"Crystallization2” features beautiful macro time lapse footage by Yan Liang from Beauty of Science of various types of crystals as they form". The subjects of this project were droplets of saturated aqueous solutions containing various inorganic salts (e.g. table salt, sodium sulfate etc.). The evaporation of water initiated the crystallization processes inside the droplets, which were captured by time-lapse photography. Hope you enjoy these beautiful crystallization processes! A single droplet contains the wonders of nature.Wonders of nature? No, a single droplet contains the wonders of God's omniscient, omnipresent, infinite mind, that's the fascinating part.
In 2010 the famous mathematician Benoit Mandelbrot spoke at TED shortly before his death. At that TED talk, Mandelbrot developed a theme he first discussed at TED in 1984 shortly after discovering fractals and measuring roughness. He talked about the extreme complexity of roughness, and the way that fractal math can find order within patterns that seem unknowably complicated. When he speaks of measuring roughness, he means, how do you measure a coastline? or a boulder-laden, jagged mountaintop? Maths should help with that, because maths is a system that finds order in 'chaos'. but until Mandelbrot discovered fractals, maths hadn't.
Smithsonian's fractals definition: Fractals are a kind of geometric shape that looks incredibly complex but is actually composed of repeating patterns
When Mandelbrot sought to find a way to measure roughness, such as a jagged mountaintop or a jumbled coastline, or a cloud, he found that,
If you cut a cauliflower floret, you get an exact replica of the whole cauliflower, but smaller. No matter how small you cut it, it’s always the smaller of the whole. The experience of humanity has always been that there are some shapes that have this peculiar property that each part is like the whole, but smaller.Now, the question is, why? Christians know that God is orderly and the universe He created has his fingerprint on every single molecule. (Genesis 1:1, Colossians 1:17). Even non-saved people know this. (Romans 1:18-20).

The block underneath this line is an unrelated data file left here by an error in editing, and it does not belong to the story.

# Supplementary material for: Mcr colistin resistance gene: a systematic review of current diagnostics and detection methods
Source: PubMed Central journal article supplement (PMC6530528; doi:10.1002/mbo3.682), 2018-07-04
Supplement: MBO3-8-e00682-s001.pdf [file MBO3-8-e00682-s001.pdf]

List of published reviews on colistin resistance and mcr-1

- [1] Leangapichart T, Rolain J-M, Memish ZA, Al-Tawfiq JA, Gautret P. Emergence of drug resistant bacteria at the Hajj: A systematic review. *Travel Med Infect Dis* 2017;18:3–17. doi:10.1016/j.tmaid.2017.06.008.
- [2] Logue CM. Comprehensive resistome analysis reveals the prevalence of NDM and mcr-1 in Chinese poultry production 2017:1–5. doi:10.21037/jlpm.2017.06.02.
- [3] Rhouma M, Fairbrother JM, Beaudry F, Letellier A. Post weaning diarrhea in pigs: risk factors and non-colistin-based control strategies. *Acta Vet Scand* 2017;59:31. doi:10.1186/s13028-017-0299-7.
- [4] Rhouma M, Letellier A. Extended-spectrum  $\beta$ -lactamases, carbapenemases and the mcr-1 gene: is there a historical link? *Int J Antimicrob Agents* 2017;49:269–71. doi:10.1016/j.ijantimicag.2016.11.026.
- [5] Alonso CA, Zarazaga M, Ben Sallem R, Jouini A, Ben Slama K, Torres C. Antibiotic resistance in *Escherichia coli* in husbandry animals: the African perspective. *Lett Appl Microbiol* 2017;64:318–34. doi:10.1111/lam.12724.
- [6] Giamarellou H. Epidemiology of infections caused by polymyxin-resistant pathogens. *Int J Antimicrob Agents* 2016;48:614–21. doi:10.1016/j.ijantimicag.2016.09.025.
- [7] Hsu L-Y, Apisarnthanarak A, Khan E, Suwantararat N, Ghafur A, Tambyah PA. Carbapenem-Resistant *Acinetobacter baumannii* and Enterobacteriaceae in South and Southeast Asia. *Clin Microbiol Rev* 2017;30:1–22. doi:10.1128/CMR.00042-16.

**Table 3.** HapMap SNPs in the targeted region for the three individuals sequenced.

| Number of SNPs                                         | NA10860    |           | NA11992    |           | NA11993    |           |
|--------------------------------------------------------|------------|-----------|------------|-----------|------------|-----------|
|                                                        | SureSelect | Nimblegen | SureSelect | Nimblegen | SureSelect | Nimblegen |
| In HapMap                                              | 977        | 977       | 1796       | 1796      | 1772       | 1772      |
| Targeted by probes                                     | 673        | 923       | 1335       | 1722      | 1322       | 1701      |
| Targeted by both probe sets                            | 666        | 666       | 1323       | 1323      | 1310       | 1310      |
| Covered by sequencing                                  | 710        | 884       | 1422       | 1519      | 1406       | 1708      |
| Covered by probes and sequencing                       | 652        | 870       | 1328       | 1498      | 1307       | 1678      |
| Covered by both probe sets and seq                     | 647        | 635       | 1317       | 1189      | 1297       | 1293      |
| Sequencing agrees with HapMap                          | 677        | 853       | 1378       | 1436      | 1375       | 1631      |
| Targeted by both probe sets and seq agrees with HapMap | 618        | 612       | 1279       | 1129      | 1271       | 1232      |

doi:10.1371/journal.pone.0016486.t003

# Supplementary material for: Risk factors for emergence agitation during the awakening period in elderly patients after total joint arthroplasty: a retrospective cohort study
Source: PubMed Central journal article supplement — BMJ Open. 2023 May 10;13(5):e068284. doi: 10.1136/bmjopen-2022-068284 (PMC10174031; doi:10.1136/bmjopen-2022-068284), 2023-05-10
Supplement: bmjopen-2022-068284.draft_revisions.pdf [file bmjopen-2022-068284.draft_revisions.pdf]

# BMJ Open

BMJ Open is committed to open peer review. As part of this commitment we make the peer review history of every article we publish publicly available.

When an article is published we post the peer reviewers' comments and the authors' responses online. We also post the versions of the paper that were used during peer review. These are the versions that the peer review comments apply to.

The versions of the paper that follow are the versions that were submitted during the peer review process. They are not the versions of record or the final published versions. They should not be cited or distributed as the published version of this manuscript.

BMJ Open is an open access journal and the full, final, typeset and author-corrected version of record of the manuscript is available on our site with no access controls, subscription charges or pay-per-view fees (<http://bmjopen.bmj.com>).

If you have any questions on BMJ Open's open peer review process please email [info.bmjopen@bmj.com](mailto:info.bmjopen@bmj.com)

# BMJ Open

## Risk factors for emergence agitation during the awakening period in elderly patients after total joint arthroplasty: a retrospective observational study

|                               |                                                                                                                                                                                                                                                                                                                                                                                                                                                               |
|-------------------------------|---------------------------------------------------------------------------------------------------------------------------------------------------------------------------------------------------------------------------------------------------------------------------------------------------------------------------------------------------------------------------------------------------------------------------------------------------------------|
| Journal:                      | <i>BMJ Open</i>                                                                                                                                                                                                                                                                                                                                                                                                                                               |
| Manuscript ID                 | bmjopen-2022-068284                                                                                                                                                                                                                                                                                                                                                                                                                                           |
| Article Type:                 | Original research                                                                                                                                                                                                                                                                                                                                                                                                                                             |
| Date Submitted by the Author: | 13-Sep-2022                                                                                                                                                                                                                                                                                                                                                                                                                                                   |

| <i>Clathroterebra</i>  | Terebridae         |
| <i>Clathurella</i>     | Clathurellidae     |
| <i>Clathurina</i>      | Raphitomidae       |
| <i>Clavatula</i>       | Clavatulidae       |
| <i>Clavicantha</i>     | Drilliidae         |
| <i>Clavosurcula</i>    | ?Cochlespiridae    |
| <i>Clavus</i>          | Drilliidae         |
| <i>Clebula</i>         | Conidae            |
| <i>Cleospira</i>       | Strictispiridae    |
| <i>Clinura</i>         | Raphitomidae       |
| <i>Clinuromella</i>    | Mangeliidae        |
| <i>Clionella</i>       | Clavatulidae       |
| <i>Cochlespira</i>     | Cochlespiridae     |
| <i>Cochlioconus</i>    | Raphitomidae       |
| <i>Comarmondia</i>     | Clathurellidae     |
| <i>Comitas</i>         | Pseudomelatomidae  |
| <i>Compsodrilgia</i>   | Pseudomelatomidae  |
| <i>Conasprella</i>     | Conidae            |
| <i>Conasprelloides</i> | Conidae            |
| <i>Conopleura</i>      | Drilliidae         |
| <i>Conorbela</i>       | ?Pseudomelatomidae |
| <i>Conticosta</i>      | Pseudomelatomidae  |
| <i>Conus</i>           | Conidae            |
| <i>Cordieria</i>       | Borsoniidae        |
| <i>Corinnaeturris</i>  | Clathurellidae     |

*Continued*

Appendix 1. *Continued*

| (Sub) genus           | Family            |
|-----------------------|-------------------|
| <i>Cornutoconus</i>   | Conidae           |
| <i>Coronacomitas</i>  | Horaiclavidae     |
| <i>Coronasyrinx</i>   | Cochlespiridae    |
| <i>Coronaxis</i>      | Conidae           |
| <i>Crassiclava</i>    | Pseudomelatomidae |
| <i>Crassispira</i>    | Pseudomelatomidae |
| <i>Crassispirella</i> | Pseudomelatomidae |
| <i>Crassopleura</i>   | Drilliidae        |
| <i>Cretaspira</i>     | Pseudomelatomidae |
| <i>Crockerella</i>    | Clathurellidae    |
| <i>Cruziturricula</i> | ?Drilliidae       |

Fractals are an invention of a geometry for things which have no geometry, (lungs, kidneys, and other organs or landforms which have branching systems), i.e. rough surfaces. Mandelbrot's TED takeaway, concluding line was this:
Fractals show us that "Bottomless wonders spring from simple rules, which are repeated without end."To see what I mean, look at this infinite, bottomless wonder of a fractal
You see, there is no chaos. Even in the seeming chaotic jumble of a coastline, or the area-rich but mass-poor lung with all its branches, there exists order. It is measurable, orderly, and knowable. Mandelbrot's talk was witty, engaging, and easy to understand. I recommend it.
As this maths professor at Bowdoin College said of fractals,
When you look at the Mandelbrot set and see its chaotically intricate and beautiful design, you can't help but feel that there is something larger than life going on here--that you are staring right at some unexplainable cosmic mystery.And that is the beauty and the alarm of Romans 1. When science or mathematics professors peer into the cosmic unknowable, their conscience tells them that it is knowable,through God. The alarm is that the conscience and the creation alarm the human who attempts to deny God, and that God is peering back at them.
For what can be known about God is plain to them, because God has shown it to them. For his invisible attributes, namely, his eternal power and divine nature, have been clearly perceived, ever since the creation of the world, in the things that have been made. (Romans 1:19-20).
For believers peering into these things, it is majesty and greatness we see, the infinite God in His majestic hand creating all things, and His Son sustaining them. (Genesis 1:1-2, Colossians 1:17).
What are the implications of seeing order where there should be no order? Why has been "The experience of humanity has always been that there are some shapes that have this peculiar property that each part is like the whole, but smaller"?
The implications! Oh, the implications. This Big think interviewer asked Mandelbrot this question at a different interview.
Mandelbrot was asked this very question, and of course, he hedged the answer. First, came the picking on semantics answer, or, I do not think this word means what you think it means, as Inigo would say.
The rules which generate many fractals, such as models of natural fractals such as clouds and mountains, and other phenomena, are evolved chance?? and are not chaotic in the modern sense of the word, they are chaotic in the old sense of the word, which doesn't have any specific meaning.When asked again he gave the 'let's avoid the entire question' answer:
I don't like to discuss these questions of terms. Chaos came from something very confused which helped it gel. It's used of a biblical name in a certain sense...it forces us to ask certain implications which are not important in mathematics.Mandelbrot saying he did not like to think of the implications is akin to the seared mind dancing away from proximity to God just as a drop of oil skitters across a hot pan.
In this post, my goal was to awaken you to the beauty of creation in the microscopic spheres, specifically, fractals. It was additionally to illustrate the clarity with which the Lord GOD displayed His invisible attributes. Third, it was to show how the unsaved mind knows but doesn't care to know, as the Romans verses state. Finally, some praise for the omnipotent and infinite mind of the Creator!
O LORD of hosts, the God of Israel, who is enthroned above the cherubim, You are the God, You alone, of all the kingdoms of the earth You have made heaven and earth. (Isaiah 37:16)